And "rapping" is a word that I used when a brother, or say a young Black in my day would talk to a young sister and talk to her smooth to try to, you know pull her in. That was called "rappin'." That was a smooth way of talkin' to a young lady. I'm layin' a rap on you. And then again, that was the hook, see? Jack "The Rapper."

And so, naturally all the people who know of me now all think that I'm the one that started all of this rap. So they call me the grandfather of the rappers. Well, I guess maybe I am the grandfather, but rappin' was done, was smooth talkin'. That's what rappin' is.

-- "Jockey" Jack Gibson, who became known as Jack "The Rapper"


Pictured at left is "Jockey Jack" Gibson in WFEC Miami studio in 1953.

Jack Gibson describes how he took the nickname "The Rapper," how he started his newsletter, and where the term "rappin'" came from

After retiring from radio, Jack Gibson started the publication "Jack The Rapper," and later organized an annual Black music industry event called "Jack the Rapper's Family Affair."

Novella Smith reminisces about Dr. Jive's on-air appeal

And I used to come home, and I had to sneak the radio on because my mother didn't want me to listen to that kind of radio - race radio - or whatever we called it in those days. And I don't remember. But, she felt that it was not complimentary to her family. And she didn't want us to get any kind of slangs. And you heard lots of slang on radio. It's interesting. But, Dr. Jive was different. And I loved him. And I used to sneak and listen to him.

-- Novella Smith, Houston deejay

I began to - I stopped using Doug Henderson and just picked up on the name Jocko because Jocko rhymed with Daddy-O, and the Mommy-O, and the Hottest Show on the Radio. And instead of having just the regular show, we had a rocket ship show. And I borrowed the rocket ship show from "Hot Rod," who was in Baltimore during that time. That's what he called his show. Used the rocket ship. And we began to rhyme up everything.

E tiddly yock
This is the Jock
And I'm back on the scene
With the record machine
Sayin' boo boppa doo
A-how do you do?

All kinds of rhymes.

Hello, hello, hello
Back with the show
This is your engineer, Jocko
Back on the scene
With the record machine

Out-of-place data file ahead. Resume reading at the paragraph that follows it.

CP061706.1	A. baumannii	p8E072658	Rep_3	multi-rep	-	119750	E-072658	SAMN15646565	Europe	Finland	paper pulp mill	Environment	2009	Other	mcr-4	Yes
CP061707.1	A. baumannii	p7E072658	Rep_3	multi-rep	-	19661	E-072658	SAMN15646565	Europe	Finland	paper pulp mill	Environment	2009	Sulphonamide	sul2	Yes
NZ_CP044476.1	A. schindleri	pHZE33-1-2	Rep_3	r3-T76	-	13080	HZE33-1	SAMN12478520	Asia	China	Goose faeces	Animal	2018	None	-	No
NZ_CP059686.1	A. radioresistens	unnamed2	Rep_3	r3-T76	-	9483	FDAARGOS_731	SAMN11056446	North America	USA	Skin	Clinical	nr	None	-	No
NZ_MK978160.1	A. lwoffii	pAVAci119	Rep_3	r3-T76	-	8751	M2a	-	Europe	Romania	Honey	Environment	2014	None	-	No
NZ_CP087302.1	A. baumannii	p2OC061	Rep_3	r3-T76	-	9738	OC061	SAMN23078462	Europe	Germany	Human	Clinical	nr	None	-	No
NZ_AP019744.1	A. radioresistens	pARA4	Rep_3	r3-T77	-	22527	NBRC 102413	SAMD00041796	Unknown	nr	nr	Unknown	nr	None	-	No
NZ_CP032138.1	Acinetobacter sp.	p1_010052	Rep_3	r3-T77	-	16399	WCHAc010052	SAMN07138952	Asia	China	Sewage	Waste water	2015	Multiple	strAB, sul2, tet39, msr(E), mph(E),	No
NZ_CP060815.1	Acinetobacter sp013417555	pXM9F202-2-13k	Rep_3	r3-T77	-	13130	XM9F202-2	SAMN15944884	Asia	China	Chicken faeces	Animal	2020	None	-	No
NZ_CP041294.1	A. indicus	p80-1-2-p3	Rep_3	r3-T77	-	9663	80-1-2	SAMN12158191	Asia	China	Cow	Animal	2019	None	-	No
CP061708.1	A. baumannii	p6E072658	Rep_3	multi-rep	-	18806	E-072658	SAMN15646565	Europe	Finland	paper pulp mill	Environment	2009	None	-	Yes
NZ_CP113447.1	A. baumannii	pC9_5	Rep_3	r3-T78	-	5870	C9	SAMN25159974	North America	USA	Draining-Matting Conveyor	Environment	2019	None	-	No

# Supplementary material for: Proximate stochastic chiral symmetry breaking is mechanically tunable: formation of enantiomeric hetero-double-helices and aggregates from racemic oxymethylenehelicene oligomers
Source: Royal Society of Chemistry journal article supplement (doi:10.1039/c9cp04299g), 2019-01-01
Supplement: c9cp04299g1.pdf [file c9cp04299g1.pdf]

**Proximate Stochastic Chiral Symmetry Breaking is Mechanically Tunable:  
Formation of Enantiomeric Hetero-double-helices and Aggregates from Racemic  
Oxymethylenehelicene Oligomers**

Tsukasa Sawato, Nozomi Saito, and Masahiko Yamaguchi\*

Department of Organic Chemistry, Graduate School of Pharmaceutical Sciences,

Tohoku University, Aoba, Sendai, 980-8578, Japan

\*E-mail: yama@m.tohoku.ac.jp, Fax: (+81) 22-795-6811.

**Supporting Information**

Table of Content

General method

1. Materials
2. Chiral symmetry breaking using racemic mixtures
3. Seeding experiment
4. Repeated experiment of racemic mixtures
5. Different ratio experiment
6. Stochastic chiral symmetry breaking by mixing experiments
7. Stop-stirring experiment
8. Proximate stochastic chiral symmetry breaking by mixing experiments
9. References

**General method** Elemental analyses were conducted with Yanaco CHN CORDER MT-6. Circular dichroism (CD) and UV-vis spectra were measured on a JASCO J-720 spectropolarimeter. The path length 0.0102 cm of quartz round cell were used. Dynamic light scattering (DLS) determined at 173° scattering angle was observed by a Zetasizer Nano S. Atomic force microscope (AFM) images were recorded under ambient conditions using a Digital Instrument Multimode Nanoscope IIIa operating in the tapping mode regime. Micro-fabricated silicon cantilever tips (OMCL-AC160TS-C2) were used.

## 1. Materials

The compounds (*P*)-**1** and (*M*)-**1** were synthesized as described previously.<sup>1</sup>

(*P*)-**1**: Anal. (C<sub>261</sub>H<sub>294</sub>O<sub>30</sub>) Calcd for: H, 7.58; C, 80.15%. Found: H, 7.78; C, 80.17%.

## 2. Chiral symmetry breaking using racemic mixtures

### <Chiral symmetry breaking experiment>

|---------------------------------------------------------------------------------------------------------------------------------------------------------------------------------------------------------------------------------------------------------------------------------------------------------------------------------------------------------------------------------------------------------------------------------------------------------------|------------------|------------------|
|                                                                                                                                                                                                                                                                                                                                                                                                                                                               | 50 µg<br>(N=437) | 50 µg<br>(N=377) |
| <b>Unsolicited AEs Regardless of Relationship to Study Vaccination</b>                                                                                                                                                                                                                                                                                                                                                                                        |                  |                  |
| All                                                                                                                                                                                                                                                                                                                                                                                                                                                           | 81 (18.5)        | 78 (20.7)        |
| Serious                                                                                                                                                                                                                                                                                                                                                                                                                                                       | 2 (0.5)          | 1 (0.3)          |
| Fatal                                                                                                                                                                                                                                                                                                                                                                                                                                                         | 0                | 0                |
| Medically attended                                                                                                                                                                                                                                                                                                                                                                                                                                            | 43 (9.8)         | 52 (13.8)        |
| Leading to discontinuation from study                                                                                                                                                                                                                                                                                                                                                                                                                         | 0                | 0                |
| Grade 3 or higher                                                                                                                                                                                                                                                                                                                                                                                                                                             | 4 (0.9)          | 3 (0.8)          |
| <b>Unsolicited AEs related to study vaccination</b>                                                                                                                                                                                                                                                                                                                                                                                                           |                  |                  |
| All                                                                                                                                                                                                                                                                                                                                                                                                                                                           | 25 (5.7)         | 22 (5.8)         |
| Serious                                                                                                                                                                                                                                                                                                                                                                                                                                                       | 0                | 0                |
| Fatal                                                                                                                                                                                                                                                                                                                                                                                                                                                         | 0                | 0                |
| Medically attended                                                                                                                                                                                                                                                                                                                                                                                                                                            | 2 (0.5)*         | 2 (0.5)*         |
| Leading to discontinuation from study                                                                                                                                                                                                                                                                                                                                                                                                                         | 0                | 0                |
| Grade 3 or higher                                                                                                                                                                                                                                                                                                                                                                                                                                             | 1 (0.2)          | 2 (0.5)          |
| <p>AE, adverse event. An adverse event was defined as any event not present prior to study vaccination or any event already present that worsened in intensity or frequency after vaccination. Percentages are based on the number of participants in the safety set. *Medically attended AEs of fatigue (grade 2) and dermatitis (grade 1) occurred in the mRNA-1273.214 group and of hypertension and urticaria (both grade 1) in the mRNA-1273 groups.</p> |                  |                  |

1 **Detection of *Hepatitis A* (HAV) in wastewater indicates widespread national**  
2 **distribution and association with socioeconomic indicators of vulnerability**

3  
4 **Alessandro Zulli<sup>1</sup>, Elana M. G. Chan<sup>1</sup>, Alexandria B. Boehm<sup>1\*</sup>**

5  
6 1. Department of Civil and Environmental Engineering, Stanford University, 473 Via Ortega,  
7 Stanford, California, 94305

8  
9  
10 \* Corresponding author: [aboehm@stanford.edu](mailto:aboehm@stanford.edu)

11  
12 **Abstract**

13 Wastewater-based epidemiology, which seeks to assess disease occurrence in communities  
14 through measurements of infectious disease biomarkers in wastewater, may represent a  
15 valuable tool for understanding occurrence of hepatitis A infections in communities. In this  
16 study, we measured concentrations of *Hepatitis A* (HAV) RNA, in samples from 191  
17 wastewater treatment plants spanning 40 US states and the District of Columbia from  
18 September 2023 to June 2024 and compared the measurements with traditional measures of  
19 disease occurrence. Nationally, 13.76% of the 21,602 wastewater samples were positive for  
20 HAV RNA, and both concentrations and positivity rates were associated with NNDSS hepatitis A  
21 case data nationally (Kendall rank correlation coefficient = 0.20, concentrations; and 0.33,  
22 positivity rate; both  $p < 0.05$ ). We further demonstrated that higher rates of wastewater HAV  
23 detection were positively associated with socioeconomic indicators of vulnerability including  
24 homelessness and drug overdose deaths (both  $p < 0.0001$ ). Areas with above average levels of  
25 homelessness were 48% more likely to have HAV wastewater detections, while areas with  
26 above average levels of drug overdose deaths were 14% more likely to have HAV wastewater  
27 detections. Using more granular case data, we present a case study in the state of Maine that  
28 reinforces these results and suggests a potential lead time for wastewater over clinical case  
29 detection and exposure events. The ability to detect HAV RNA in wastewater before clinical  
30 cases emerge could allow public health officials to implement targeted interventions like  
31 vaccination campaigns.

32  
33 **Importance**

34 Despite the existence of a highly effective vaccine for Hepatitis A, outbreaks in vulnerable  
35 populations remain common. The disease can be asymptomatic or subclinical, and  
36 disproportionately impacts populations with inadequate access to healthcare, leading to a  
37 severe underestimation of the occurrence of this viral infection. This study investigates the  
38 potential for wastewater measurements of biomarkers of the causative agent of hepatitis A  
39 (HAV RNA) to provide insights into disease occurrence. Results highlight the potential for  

Correct time now, a-six-sixteen

And the kids picked up on this. Wherever I would go, they would say the rhymes. You know?

-- Doug "Jocko" Henderson, deejay


Pictured at left is Jocko Henderson's "Everybody's Uptight (Tryin' To Get Their Money Right)" single, released on Sugar Hill Records in 1983.

Jocko Henderson describes why he took the name "Jocko" and where he got the idea for a "rocket ship" show

See my father was Superintendent of schools in Baltimore. So I've lived with educators all of my life. Right? It's phenomenal what is happening with it. And how fast the kids are learning this way. How motivated they are. And like I told you before, they can't wait to get to school. That has never happened before. And the worst kids are the best students with the rap music. 'Cause they're in the street rapping. Okay? So there you go. How you gonna beat that?

The kids who really disrupt the schools are now very passive. It's unbelievable. Unbelievable. No kidding. And the classes that are rapping together, they're the best of friends now. All the kids are the best of friends. They're in competition. Who can rap history the best. Who can rap the times table the best. You know? It's amazing.

We got thousands of letters from parents begging us for the Get Ready program. And same thing with the educators. And they're buying it like - oh, unbelievable.

-- Doug "Jocko" Henderson


Pictured at left is a 1981 brochure from the Get Ready educational rap program.

Jocko Henderson discusses the success of his "Get Ready" educational rap program
Breaking the Hits
Music performed by Black artists was seldom heard on mainstream network radio. Black radio was a key vehicle for bringing this music—especially rhythm and blues—to Black audiences in the post-WWII era, while also allowing listeners outside the Black community to hear this music for the first time. Deejays would compete to be the first to play new records so that they could claim they "broke the hits."